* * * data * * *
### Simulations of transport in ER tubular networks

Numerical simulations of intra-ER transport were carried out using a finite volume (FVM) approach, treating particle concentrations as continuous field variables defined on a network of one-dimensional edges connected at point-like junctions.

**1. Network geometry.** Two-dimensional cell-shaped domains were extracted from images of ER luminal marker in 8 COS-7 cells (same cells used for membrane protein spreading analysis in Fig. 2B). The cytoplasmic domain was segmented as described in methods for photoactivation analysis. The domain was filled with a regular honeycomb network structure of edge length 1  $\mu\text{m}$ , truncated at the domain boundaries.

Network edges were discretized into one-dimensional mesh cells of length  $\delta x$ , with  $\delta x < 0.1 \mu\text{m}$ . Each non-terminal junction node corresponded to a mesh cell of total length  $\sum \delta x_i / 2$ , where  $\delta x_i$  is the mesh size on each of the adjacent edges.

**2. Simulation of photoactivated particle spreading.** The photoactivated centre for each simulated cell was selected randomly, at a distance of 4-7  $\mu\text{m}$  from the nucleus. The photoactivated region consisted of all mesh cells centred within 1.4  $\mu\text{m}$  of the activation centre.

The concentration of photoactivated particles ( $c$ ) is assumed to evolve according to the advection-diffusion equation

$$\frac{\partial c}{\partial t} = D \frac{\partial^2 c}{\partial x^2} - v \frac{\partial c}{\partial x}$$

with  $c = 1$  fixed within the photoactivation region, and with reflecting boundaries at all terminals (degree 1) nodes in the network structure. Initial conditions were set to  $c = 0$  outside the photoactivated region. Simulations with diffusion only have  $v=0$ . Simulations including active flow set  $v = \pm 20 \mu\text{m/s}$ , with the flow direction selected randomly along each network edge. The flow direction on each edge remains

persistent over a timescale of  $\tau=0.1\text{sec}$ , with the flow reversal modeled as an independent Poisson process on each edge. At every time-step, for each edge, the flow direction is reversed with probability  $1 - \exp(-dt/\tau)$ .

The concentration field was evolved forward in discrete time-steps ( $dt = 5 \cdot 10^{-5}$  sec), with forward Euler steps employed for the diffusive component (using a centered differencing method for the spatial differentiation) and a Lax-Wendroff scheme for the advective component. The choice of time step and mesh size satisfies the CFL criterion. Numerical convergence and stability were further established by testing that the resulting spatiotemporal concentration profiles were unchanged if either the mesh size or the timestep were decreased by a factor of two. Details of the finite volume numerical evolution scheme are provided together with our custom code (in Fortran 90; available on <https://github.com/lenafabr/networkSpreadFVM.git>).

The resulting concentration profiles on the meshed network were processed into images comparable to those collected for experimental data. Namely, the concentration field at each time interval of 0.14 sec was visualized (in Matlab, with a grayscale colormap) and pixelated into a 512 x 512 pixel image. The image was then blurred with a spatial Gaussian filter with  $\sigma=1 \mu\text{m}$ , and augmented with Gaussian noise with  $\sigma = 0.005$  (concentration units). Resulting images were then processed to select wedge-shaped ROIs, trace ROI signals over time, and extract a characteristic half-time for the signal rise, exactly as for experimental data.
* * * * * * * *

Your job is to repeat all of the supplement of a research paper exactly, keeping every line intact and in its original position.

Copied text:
### Simulations of transport in ER tubular networks

Numerical simulations of intra-ER transport were carried out using a finite volume (FVM) approach, treating particle concentrations as continuous field variables defined on a network of one-dimensional edges connected at point-like junctions.

**1. Network geometry.** Two-dimensional cell-shaped domains were extracted from images of ER luminal marker in 8 COS-7 cells (same cells used for membrane protein spreading analysis in Fig. 2B). The cytoplasmic domain was segmented as described in methods for photoactivation analysis. The domain was filled with a regular honeycomb network structure of edge length 1  $\mu\text{m}$ , truncated at the domain boundaries.

Network edges were discretized into one-dimensional mesh cells of length  $\delta x$ , with  $\delta x < 0.1 \mu\text{m}$ . Each non-terminal junction node corresponded to a mesh cell of total length  $\sum \delta x_i / 2$ , where  $\delta x_i$  is the mesh size on each of the adjacent edges.

**2. Simulation of photoactivated particle spreading.** The photoactivated centre for each simulated cell was selected randomly, at a distance of 4-7  $\mu\text{m}$  from the nucleus. The photoactivated region consisted of all mesh cells centred within 1.4  $\mu\text{m}$  of the activation centre.

The concentration of photoactivated particles ( $c$ ) is assumed to evolve according to the advection-diffusion equation

$$\frac{\partial c}{\partial t} = D \frac{\partial^2 c}{\partial x^2} - v \frac{\partial c}{\partial x}$$

with  $c = 1$  fixed within the photoactivation region, and with reflecting boundaries at all terminals (degree 1) nodes in the network structure. Initial conditions were set to  $c = 0$  outside the photoactivated region. Simulations with diffusion only have  $v=0$ . Simulations including active flow set  $v = \pm 20 \mu\text{m/s}$ , with the flow direction selected randomly along each network edge. The flow direction on each edge remains

persistent over a timescale of  $\tau=0.1\text{sec}$ , with the flow reversal modeled as an independent Poisson process on each edge. At every time-step, for each edge, the flow direction is reversed with probability  $1 - \exp(-dt/\tau)$ .

The concentration field was evolved forward in discrete time-steps ( $dt = 5 \cdot 10^{-5}$  sec), with forward Euler steps employed for the diffusive component (using a centered differencing method for the spatial differentiation) and a Lax-Wendroff scheme for the advective component. The choice of time step and mesh size satisfies the CFL criterion. Numerical convergence and stability were further established by testing that the resulting spatiotemporal concentration profiles were unchanged if either the mesh size or the timestep were decreased by a factor of two. Details of the finite volume numerical evolution scheme are provided together with our custom code (in Fortran 90; available on <https://github.com/lenafabr/networkSpreadFVM.git>).

The resulting concentration profiles on the meshed network were processed into images comparable to those collected for experimental data. Namely, the concentration field at each time interval of 0.14 sec was visualized (in Matlab, with a grayscale colormap) and pixelated into a 512 x 512 pixel image. The image was then blurred with a spatial Gaussian filter with  $\sigma=1 \mu\text{m}$ , and augmented with Gaussian noise with  $\sigma = 0.005$  (concentration units). Resulting images were then processed to select wedge-shaped ROIs, trace ROI signals over time, and extract a characteristic half-time for the signal rise, exactly as for experimental data.